Rebecca Skloot

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Rebecca Skloot
Rebecca skloot 2010.jpg
Skloot at the 2010 Texas Book Festival
Born September 19, 1972 (1972-09-19) (age 44)
Springfield, Illinois, U.S.
Occupation Science writer

Rebecca L. Skloot /ˈsklt/ (born September 19, 1972) is a freelance science writer who specializes in science and medicine.[1] Her first book, The Immortal Life of Henrietta Lacks (2010), was one of the best-selling new books of 2010, staying on the New York Times Bestseller List for over 2 years, eventually reaching #1 [2] and optioned to be made into a movie by Oprah Winfrey.[3]


Rebecca was born in Springfield, Illinois. She is the daughter of poet, novelist, and essayist Floyd Skloot[1] and Betsy McCarthy, a professional knitter and pattern book author. Skloot said "in the Pacific Northwest, [her] roots [are] half New York Jew and half Midwestern Protestant."[4] She received her high school diploma from Metropolitan Learning Center in Portland, Oregon.[5] After attending Portland Community College and becoming a Veterinary Technician, she received a BS in biological sciences from Colorado State University, and an MFA in creative nonfiction[1] from the University of Pittsburgh. She is a former vice president of the National Book Critics Circle[6] She has taught creative writing and science journalism at the University of Pittsburgh, New York University, and the University of Memphis.[7]

Skloot has published over 200 featured stories and essays.[1] Her work has appeared in The New York Times, The New York Times Magazine, O: The Oprah Magazine, Discover, and New York magazine.[6] Skloot is also a contributing editor at Popular Science and has worked as a correspondent for NPR's Radiolab and PBS's NOVA scienceNOW.[1]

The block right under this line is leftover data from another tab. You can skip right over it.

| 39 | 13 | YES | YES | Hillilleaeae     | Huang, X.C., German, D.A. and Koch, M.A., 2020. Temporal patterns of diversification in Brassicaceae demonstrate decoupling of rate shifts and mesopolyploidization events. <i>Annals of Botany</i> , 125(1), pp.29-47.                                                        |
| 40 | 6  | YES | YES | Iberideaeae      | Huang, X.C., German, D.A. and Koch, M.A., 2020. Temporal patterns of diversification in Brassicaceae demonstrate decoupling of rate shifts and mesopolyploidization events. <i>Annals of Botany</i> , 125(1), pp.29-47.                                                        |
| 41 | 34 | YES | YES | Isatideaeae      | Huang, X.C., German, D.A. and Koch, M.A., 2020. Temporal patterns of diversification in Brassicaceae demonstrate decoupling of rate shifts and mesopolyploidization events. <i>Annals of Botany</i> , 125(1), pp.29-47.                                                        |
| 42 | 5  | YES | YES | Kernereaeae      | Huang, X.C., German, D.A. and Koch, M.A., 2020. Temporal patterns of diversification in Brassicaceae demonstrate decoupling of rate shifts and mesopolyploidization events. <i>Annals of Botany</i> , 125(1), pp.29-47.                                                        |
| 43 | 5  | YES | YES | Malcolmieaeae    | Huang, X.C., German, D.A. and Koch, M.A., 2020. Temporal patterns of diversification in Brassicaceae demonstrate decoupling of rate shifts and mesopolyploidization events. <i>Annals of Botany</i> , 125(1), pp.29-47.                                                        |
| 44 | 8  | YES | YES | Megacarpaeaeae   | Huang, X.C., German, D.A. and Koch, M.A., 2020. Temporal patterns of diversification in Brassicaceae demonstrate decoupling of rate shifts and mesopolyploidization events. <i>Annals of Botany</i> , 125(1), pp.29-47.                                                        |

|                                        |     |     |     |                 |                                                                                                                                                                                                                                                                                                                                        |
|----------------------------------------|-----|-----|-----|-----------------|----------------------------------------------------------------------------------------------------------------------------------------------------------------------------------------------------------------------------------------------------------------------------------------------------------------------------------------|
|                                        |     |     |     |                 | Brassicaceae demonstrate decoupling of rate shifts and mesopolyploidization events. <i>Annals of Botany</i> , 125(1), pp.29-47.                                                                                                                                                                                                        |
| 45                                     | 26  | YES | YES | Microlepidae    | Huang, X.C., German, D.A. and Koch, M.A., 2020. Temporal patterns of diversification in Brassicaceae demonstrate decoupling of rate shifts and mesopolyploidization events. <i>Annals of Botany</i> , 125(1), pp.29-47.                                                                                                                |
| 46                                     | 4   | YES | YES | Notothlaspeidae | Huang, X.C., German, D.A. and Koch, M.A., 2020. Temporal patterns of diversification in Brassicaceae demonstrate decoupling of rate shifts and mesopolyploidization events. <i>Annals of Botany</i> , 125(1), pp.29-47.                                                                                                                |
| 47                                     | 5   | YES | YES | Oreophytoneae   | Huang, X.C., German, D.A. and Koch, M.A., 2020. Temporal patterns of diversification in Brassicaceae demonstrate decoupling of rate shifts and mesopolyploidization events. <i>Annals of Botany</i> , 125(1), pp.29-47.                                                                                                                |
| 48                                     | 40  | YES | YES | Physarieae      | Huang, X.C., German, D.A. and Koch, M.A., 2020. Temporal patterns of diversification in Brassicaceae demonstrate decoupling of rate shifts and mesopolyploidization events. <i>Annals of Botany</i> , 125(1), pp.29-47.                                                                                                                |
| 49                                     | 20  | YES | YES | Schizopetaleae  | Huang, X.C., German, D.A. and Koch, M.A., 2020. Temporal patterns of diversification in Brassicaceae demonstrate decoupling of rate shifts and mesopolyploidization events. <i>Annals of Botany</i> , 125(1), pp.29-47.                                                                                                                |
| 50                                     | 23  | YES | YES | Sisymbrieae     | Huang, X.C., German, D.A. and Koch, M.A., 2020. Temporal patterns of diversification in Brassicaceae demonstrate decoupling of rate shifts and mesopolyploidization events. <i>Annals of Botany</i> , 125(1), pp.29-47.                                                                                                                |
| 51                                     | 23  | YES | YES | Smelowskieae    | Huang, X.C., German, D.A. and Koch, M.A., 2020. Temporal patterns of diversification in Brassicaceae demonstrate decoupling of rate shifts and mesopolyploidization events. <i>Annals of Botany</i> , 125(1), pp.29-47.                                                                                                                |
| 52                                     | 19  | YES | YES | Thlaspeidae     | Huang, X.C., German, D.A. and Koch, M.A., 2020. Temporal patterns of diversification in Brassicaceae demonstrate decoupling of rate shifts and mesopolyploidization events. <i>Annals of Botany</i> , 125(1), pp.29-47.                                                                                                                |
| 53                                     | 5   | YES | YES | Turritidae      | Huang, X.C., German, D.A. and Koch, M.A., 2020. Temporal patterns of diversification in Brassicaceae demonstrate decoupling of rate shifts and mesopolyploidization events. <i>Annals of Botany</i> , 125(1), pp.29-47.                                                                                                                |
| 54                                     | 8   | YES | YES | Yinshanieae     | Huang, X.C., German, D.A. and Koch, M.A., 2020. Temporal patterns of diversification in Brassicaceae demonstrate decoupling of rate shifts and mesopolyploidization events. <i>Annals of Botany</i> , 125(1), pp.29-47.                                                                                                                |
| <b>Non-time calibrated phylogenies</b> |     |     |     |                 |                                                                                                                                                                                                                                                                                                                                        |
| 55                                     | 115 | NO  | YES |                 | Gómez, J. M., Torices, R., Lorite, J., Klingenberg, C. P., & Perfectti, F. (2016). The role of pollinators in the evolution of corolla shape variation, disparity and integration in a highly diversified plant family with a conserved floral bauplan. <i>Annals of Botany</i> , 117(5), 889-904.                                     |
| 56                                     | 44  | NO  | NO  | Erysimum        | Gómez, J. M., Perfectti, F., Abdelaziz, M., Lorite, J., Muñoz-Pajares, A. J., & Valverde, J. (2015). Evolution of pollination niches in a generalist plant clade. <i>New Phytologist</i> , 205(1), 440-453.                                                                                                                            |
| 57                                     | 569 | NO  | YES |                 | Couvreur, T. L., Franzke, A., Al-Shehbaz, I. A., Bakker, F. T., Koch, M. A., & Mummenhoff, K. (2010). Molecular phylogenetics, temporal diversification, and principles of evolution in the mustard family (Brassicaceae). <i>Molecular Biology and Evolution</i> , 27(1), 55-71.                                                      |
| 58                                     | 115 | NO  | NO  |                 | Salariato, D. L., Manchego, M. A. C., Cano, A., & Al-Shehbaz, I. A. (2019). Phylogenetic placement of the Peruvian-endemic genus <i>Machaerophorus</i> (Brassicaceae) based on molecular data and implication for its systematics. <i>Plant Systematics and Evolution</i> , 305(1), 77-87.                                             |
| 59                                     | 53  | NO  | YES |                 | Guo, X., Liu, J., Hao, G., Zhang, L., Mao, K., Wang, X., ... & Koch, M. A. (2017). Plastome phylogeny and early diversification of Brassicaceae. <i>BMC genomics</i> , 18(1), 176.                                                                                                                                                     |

Her first book, the #1 New York Times Bestselling The Immortal Life of Henrietta Lacks (2010), is about Henrietta Lacks and the immortal cell line (known as HeLa) that came from her cancer cells in 1951.[1] It was named a New York Times notable book, and selected as a best book of the year by more than 60 publications. It is being made into an HBO film produced by Oprah Winfrey and Alan Ball.[8]

Her second book, exploring the science and ethics of human-animal relationships, is under contract with Crown Publishing Group.[9]

Skloot is an atheist.[10]

Awards and honors[edit]

Rebecca Skloot talks at the University of Missouri in March 2014.




Select articles


  1. ^ a b c d e f Jessica Teisch, "Floyd Skloot & Rebecca Skloot", in Bookmarks, May/June 2010.
  2. ^ "Best Sellers: Paperback Nonfiction: Sunday, June 10th 2012". The New York Times. June 10, 2012. Retrieved 2016-02-10. 
  3. ^ "Oprah and Alan Ball to Make Film of The Immortal Life of Henrietta Lacks for HBO", May 12, 2010.
  4. ^ Lopez Torregrosa, Luisita. "The Making of a Bestseller: Rebecca Skloot and a Great Obsession". Politics Daily. Retrieved August 16, 2013. 
  5. ^ [1] Portland Public Schools[not in citation given]
  6. ^ a b "Official Website: Bio". Being Wicked. Retrieved March 17, 2010. 
  7. ^ "Rebecca Skloot profile". University of Memphis: Department of English. Retrieved March 17, 2010. 
  8. ^ Oprah and Alan Ball to Make Film of The Immortal Life of Henrietta Lacks, May 12, 2010
  9. ^ New Skloot Book Announcement October 13, 2011
  10. ^ Long, Karen R. (February 7, 2010). "In 'The Immortal Life of Henrietta Lacks,' writer Rebecca Skloot shows us science's unsuspecting benefactor". The Plain Dealer. Cleveland. 
  11. ^ "AAAS/Subaru Science Books & Film (SB&F) Prizes Celebrate Books that Engage Young Readers". February 16, 2011. Archived from the original on March 10, 2013. Retrieved May 3, 2016. 
  12. ^ "Past Prizes – 2010". Wellcome Book Prize. Retrieved 27 April 2016. 
  13. ^ November 5, 2011 (2011). "E. O. Wilson and Rebecca Skloot: 2010 Chicago Tribune Heartland Prizes". Archived from the original on November 5, 2013. Retrieved May 3, 2016. 
  14. ^ "Winners in the MJA Open Book Awards 2011". April 21, 2011. Archived from the original on August 26, 2012. Retrieved May 3, 2016. 
  15. ^ "Literary honors for Skloot, Ebert". Chicago Tribune. 2010. Retrieved May 3, 2016. 
  16. ^ "Ambassador Book Awards 2011". 2011. Archived from the original on June 13, 2015. Retrieved May 3, 2016. 
  17. ^ "2011 winners". September 15, 2011. Archived from the original on September 24, 2011. Retrieved May 3, 2016. 

External links[edit]